Results from Model-based functional genomics research provides new insight on the pathogenetic mechanism which causes diseases such as ALS
Ingenium Pharmaceuticals AG and a coalition of international research organizations announced today the publication in Science of research describing a fundamental discovery about the genetic and molecular basis for Motor Neuron Disease (MND), which includes Amyotrophic Lateral Sclerosis (ALS). The research explains a key pathogenetic mechanism of motor neuron degeneration, potentially opening new therapeutic avenues for treating motor neuron diseases including ALS, also known as Lou Gehrigs Disease, the third most common neurodegenerative disease after Alzheimers and Parkinsons. The research was conducted by Ingenium; University College London; the Queen Mary, University of London; UK Cancer Research; Munich Technical University; and the German National Research Center for Environment and Health. The UK work to find the gene mutation in the mouse was funded by the Motor Neurone Disease Association.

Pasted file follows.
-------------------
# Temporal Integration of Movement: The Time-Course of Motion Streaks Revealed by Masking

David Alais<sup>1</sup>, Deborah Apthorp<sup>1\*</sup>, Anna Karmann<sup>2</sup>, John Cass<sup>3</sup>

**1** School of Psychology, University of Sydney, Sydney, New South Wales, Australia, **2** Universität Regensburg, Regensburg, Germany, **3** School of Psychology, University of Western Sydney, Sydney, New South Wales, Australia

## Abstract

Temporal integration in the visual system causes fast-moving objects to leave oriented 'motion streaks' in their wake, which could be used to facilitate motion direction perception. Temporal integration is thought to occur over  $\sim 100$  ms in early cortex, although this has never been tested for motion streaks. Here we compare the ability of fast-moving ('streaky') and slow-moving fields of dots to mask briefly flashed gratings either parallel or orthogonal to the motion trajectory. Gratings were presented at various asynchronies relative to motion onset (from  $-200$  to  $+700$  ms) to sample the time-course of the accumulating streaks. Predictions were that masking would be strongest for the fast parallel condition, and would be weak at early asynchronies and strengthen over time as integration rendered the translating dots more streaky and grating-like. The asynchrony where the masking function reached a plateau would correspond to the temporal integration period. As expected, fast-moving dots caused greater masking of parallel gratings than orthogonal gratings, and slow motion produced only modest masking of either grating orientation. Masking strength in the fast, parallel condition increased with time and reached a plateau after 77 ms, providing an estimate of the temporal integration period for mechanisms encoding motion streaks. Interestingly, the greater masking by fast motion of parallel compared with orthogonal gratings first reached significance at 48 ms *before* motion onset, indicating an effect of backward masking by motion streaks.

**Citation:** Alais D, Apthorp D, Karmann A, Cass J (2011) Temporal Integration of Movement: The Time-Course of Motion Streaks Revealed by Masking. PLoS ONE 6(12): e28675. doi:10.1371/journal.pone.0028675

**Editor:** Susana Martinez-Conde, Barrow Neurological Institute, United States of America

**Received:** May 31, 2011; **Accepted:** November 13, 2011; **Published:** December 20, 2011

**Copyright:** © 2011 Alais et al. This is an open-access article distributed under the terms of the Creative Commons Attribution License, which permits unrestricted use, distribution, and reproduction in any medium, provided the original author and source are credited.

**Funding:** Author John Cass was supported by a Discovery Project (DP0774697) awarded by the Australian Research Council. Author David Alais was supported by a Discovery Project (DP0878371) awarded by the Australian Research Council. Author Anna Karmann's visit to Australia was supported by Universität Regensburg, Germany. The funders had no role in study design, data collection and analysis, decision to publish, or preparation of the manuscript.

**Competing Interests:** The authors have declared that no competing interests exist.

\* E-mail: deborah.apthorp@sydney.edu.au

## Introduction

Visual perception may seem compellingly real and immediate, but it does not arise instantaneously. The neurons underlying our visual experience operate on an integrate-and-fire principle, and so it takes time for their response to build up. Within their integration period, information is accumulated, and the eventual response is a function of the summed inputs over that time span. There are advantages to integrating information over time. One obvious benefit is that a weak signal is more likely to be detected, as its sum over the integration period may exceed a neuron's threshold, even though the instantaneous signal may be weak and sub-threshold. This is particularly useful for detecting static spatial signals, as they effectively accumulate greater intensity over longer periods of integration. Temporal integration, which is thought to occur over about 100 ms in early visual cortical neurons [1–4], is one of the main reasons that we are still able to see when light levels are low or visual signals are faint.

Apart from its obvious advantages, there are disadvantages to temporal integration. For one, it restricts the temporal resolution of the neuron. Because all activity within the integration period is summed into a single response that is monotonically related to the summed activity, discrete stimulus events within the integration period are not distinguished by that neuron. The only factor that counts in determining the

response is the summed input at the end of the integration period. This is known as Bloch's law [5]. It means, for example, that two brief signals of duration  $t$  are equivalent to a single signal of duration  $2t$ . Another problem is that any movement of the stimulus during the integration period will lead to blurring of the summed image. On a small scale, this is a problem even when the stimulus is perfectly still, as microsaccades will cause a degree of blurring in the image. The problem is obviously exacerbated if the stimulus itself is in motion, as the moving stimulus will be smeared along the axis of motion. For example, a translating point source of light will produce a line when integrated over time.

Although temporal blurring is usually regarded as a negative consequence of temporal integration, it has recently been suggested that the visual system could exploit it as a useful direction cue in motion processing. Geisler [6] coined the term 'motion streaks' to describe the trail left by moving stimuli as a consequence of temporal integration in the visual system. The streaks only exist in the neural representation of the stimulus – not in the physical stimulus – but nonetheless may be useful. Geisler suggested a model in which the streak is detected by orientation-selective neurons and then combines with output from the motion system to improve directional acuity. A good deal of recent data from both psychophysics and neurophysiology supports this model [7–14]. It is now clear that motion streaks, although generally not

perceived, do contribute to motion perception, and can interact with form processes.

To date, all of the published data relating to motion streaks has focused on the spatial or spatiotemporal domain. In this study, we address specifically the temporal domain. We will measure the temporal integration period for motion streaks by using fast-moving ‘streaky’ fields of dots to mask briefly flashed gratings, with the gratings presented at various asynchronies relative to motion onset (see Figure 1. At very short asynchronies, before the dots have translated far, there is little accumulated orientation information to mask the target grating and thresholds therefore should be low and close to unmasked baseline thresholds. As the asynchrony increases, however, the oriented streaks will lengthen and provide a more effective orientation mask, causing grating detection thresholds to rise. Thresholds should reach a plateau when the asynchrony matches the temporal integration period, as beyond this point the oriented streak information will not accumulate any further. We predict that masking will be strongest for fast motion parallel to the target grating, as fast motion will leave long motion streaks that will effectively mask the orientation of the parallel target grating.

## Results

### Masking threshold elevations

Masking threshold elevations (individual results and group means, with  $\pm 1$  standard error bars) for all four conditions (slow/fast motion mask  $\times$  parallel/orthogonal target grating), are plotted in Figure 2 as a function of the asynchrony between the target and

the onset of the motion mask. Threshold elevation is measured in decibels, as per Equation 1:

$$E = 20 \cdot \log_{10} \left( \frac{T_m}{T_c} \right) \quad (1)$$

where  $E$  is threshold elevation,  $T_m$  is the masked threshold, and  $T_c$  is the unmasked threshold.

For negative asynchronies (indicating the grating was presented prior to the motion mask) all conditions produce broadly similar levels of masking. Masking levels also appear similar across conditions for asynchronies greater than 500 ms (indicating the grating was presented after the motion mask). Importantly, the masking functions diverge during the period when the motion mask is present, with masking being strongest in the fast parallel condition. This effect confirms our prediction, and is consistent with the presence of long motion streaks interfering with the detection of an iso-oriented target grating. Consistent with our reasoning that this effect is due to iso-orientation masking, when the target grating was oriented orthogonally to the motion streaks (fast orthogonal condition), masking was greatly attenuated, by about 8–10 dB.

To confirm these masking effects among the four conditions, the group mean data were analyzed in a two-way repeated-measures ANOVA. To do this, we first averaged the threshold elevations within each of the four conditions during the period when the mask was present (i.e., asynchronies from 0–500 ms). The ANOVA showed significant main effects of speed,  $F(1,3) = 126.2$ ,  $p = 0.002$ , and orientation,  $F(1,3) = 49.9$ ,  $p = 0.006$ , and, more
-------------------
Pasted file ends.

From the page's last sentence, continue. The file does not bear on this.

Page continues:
Todays Science publication explains the mechanism for how widely-expressed genes can cause selective death of motor neurons, resulting in MND. By identifying two specific mutations in the same gene, the combined research group has produced a precise mammalian model of MND and described the pathogenetic link between specific gene mutations and selective, progressive degeneration of motor neurons. The research groups initially began their research with two distinct mouse models of late-onset MND and traced the genetic cause of the symptoms to specific point mutations in one gene, Dnchc1. Based on that discovery, the combined research team defined that the mutations in the Dnchc1 gene impaired axonal transport in the nerve cell, which specifically caused cell-death in motor neurons without affecting other cell types. This type of selective motor neuron degeneration is clinically similar on a cellular and organismal level to the human disease state seen in ALS and other motor neuron diseases.
Gretchen Schweitzer | EurekAlert!
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